Will We Ever Walk Justly?

Mother Emanuel

By Kathy Winings

kathy-winings-2Headlines across the United States on June 18 blared the news of yet another shooting. The evening before, 21-year-old Dylann Roof walked into the historic Emanuel A.M.E. Church in Charleston, South Carolina, spoke with its pastor, Rev. Clementa Pinckney, and participated in the weekly Bible study that had just begun. Towards the end of the session, Roof rose uttering racist remarks, pulled out a gun and began firing. He killed nine people, including Pinckney; three survived. The shooting has been called a hate crime, and Roof reportedly left a manifesto indicating he wanted to foment a race war.

The shooting is just another example of acts of injustice that haunt us every day. One would think that in the 21st century, amid cries for greater peace and harmony, and with a more educated populace, that incidents of injustice would be lessened and efforts to bring about a more just society would be more successful. Yet we continue to live with a seemingly endless parade of justice issues coming to the fore on a daily basis. We read of religious radicalism and fanaticism, poverty, starvation, human trafficking, global warfare, violence, sexual abuse, racial discrimination, internecine fighting — to name just a few. With all of our knowledge, wisdom, wealth, understanding of history, and our sophistication, why is it still so difficult to achieve a more just and loving world? What are we missing?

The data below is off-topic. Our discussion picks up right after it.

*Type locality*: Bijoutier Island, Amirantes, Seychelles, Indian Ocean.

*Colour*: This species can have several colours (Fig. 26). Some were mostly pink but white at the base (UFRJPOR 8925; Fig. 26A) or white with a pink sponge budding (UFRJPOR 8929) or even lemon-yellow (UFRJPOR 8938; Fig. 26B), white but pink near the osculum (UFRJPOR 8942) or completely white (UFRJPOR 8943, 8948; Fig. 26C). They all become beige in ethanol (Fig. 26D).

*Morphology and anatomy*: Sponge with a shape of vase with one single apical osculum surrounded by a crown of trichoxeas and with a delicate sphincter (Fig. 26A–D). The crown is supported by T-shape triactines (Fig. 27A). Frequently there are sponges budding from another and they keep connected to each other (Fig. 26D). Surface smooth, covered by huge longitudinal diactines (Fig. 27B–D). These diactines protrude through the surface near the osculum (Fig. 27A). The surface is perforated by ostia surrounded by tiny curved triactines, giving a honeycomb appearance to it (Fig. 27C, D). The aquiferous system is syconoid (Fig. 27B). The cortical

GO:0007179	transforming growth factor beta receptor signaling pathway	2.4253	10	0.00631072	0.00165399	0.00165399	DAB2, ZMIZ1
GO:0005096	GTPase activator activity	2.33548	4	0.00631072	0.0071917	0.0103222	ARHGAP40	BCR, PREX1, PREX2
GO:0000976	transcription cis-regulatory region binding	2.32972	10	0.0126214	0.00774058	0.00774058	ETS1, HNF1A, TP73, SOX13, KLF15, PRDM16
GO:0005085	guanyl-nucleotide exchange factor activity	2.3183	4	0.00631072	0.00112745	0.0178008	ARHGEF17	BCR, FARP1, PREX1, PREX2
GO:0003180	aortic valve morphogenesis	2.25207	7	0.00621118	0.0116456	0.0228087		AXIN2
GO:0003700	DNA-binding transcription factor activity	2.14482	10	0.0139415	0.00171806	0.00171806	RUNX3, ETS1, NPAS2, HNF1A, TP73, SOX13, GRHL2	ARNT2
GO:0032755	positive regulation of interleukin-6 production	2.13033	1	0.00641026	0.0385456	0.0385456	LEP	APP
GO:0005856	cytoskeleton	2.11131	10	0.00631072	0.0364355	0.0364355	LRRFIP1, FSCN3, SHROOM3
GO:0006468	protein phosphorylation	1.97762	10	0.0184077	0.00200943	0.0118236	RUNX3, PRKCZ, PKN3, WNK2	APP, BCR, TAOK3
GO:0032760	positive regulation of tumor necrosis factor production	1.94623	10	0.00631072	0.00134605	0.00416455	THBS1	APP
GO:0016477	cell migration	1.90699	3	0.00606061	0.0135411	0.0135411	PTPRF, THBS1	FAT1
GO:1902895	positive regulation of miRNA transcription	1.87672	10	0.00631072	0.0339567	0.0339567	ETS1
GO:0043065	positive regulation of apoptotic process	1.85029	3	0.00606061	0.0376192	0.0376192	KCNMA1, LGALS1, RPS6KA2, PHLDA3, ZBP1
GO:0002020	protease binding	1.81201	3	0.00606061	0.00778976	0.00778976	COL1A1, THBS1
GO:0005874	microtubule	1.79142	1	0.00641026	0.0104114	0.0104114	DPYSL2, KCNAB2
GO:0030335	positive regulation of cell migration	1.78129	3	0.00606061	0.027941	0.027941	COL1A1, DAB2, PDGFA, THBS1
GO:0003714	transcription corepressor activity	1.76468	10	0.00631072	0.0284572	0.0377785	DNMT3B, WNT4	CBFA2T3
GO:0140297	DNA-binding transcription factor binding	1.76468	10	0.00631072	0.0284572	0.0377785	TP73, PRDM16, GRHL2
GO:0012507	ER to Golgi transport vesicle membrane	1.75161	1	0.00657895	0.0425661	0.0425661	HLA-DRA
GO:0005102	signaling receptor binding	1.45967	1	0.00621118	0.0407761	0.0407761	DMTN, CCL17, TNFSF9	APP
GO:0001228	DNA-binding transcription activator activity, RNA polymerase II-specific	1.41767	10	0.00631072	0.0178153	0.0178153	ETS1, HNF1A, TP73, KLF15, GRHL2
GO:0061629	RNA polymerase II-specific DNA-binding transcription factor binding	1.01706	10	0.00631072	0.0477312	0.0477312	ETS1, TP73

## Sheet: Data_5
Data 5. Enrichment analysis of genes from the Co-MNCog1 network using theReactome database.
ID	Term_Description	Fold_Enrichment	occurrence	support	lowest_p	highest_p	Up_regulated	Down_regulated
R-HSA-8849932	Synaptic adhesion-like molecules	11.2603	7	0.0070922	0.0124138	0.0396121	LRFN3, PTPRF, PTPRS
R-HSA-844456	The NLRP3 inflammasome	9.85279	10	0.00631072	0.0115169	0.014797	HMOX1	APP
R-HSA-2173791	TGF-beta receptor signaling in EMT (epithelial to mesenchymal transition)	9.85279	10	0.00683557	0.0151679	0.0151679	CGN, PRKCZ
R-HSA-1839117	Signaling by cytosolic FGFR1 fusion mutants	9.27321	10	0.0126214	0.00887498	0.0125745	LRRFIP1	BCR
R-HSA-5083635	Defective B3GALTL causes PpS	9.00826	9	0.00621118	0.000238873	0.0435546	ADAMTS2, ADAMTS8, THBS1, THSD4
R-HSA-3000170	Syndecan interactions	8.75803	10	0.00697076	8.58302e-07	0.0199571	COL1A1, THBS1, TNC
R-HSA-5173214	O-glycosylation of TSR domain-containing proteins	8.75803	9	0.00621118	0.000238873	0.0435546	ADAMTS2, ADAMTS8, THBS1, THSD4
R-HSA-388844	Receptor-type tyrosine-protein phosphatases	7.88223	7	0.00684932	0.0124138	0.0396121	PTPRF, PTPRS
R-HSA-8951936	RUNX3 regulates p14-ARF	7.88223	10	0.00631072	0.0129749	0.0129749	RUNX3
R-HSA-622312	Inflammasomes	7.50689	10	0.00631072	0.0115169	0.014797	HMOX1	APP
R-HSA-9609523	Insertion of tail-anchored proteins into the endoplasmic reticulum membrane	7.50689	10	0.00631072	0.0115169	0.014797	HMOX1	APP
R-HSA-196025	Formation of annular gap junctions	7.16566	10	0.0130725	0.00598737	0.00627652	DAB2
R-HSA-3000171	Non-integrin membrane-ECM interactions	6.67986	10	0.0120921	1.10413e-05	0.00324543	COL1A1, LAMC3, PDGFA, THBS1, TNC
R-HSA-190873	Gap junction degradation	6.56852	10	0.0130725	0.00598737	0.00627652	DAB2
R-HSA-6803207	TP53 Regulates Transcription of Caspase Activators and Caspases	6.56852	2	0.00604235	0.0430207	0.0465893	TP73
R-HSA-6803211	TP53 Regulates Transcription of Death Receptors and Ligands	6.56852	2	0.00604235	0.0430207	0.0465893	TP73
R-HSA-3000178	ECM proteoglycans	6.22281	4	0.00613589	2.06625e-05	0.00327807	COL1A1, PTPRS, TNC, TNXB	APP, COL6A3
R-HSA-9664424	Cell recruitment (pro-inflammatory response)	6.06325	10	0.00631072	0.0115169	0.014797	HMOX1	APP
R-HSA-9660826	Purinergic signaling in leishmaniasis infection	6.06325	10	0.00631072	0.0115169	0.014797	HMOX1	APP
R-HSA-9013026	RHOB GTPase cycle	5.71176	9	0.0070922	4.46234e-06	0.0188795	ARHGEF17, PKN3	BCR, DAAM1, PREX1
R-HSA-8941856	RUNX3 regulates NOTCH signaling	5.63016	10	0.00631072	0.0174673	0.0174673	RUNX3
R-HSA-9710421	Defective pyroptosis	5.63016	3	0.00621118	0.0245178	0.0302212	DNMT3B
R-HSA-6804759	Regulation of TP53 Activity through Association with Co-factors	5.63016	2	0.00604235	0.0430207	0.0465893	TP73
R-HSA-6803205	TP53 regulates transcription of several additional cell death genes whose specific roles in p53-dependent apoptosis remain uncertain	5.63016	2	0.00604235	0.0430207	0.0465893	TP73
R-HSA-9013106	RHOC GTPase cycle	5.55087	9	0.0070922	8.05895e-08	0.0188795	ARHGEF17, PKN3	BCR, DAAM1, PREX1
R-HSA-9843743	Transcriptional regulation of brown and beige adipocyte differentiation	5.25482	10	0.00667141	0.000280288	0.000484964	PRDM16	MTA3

As Unificationists, we turn to Unification thought and theology to try to make sense of injustice and to answer the question of what it takes to live justly in the 21st century. However, Unification thought and theology are limited in terms of presenting a practical answer as to why it is so difficult to create a just world. At best, Unification thought and theology use only broad strokes to meet this challenge by presenting theories concerning ontology, original human nature, universal values, ethics, order and equality. Therefore, our challenge is to take these theoretical concepts and develop them to give a more effective practical understanding of how to address injustice.

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